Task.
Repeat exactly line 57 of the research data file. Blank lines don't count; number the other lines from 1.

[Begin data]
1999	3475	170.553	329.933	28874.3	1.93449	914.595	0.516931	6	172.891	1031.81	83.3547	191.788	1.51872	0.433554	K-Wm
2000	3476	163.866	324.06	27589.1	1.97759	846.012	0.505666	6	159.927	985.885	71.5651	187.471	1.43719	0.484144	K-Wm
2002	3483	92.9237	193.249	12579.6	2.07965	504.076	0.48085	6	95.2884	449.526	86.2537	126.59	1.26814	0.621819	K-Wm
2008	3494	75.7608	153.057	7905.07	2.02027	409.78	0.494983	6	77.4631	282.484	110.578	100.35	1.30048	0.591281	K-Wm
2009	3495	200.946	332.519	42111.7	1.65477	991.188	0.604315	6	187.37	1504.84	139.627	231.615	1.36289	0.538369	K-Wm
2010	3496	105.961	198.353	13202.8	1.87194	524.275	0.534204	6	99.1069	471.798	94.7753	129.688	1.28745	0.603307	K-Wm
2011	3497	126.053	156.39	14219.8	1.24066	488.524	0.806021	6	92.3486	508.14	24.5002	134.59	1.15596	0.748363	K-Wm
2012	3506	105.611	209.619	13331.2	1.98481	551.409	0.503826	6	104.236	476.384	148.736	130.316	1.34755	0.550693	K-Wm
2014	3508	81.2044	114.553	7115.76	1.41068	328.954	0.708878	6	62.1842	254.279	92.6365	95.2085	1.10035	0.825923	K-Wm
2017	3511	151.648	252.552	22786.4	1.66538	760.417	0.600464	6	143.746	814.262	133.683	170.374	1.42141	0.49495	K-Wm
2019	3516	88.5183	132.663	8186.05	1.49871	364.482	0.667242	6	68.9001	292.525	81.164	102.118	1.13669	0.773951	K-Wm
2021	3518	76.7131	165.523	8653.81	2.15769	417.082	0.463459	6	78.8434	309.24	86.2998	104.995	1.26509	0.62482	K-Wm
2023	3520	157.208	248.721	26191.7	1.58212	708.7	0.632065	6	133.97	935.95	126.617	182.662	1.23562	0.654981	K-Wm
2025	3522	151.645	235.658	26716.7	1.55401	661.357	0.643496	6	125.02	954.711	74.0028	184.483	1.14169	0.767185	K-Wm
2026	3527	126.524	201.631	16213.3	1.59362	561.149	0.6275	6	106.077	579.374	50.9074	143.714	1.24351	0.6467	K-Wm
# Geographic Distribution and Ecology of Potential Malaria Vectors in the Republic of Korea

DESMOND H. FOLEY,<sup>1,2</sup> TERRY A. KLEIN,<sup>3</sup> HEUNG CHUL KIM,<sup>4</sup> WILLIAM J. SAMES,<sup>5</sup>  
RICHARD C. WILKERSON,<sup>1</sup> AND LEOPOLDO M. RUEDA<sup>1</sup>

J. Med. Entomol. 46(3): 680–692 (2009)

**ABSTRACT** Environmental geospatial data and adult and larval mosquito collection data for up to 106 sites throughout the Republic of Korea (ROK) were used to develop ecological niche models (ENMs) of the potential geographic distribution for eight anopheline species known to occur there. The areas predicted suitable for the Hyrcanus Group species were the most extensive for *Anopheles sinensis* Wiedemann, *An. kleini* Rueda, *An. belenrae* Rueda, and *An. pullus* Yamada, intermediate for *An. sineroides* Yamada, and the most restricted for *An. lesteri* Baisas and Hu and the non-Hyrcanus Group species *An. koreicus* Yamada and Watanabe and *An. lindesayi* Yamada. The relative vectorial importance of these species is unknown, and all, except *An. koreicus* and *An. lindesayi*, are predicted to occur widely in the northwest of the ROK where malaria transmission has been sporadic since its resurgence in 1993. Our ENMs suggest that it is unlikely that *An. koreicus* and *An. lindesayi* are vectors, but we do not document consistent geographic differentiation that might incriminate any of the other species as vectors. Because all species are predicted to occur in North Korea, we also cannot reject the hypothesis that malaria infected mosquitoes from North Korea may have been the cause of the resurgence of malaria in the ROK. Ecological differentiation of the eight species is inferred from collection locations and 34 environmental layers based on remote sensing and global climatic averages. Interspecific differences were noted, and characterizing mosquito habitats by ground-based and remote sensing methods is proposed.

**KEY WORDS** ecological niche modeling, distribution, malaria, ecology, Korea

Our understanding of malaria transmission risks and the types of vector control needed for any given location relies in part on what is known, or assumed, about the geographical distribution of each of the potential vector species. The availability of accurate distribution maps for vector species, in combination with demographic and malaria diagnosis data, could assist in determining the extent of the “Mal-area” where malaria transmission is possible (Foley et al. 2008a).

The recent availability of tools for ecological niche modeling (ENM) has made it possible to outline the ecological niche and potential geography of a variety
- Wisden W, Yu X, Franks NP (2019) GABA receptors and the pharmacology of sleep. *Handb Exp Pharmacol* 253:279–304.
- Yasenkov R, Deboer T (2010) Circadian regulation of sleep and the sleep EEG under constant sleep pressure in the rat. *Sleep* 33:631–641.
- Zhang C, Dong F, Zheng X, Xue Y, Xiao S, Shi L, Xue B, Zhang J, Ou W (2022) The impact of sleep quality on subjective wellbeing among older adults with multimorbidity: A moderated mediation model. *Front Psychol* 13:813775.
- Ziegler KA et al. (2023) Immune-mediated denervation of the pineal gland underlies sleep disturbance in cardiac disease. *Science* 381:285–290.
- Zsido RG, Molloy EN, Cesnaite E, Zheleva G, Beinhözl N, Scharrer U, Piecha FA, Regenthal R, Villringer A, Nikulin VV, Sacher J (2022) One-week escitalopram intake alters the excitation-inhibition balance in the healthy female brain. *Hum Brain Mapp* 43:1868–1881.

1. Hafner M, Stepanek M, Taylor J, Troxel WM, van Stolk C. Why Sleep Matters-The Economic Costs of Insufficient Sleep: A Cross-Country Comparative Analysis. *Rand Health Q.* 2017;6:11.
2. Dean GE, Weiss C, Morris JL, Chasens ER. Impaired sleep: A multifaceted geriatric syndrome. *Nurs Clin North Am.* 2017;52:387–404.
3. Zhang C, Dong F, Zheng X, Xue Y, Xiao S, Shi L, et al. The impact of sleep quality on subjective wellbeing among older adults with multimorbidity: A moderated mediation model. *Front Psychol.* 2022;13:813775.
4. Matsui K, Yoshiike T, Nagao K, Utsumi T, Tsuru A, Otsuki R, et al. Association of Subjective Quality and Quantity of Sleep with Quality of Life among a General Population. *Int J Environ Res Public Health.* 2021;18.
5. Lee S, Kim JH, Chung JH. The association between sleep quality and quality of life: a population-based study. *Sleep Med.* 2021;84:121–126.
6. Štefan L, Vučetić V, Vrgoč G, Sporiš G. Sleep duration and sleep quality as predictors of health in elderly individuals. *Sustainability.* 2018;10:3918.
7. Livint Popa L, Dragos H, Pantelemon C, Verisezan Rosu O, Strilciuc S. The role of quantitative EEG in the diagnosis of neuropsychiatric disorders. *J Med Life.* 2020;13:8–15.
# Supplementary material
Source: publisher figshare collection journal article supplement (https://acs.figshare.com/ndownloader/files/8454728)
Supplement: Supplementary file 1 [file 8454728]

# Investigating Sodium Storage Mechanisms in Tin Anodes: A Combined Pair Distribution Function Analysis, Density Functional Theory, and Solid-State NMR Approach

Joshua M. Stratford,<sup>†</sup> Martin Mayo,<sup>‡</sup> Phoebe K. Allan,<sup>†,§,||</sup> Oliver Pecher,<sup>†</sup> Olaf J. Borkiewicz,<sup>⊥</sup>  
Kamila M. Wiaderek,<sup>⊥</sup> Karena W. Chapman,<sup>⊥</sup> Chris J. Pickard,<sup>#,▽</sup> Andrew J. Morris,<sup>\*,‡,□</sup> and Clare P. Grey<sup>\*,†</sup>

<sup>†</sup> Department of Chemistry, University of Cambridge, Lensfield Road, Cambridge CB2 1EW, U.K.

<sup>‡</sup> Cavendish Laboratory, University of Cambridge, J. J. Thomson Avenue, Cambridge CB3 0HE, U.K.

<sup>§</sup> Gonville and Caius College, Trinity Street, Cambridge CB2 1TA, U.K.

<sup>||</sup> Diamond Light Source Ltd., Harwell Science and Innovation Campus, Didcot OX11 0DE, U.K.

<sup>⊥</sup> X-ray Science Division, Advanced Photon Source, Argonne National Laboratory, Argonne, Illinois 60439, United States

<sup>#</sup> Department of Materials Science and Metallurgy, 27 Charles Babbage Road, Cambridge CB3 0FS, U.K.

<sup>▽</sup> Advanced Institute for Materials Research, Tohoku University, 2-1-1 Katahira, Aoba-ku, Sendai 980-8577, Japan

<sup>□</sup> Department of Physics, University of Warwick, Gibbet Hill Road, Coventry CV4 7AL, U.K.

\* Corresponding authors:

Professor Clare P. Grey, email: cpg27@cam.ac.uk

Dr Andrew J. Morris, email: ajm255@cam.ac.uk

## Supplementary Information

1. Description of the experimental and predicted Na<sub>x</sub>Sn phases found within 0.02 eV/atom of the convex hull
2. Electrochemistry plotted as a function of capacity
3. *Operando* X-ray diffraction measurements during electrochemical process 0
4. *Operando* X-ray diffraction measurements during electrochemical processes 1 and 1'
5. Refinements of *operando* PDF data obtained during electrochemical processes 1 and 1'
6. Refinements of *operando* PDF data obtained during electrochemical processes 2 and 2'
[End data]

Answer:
4. *Operando* X-ray diffraction measurements during electrochemical processes 1 and 1'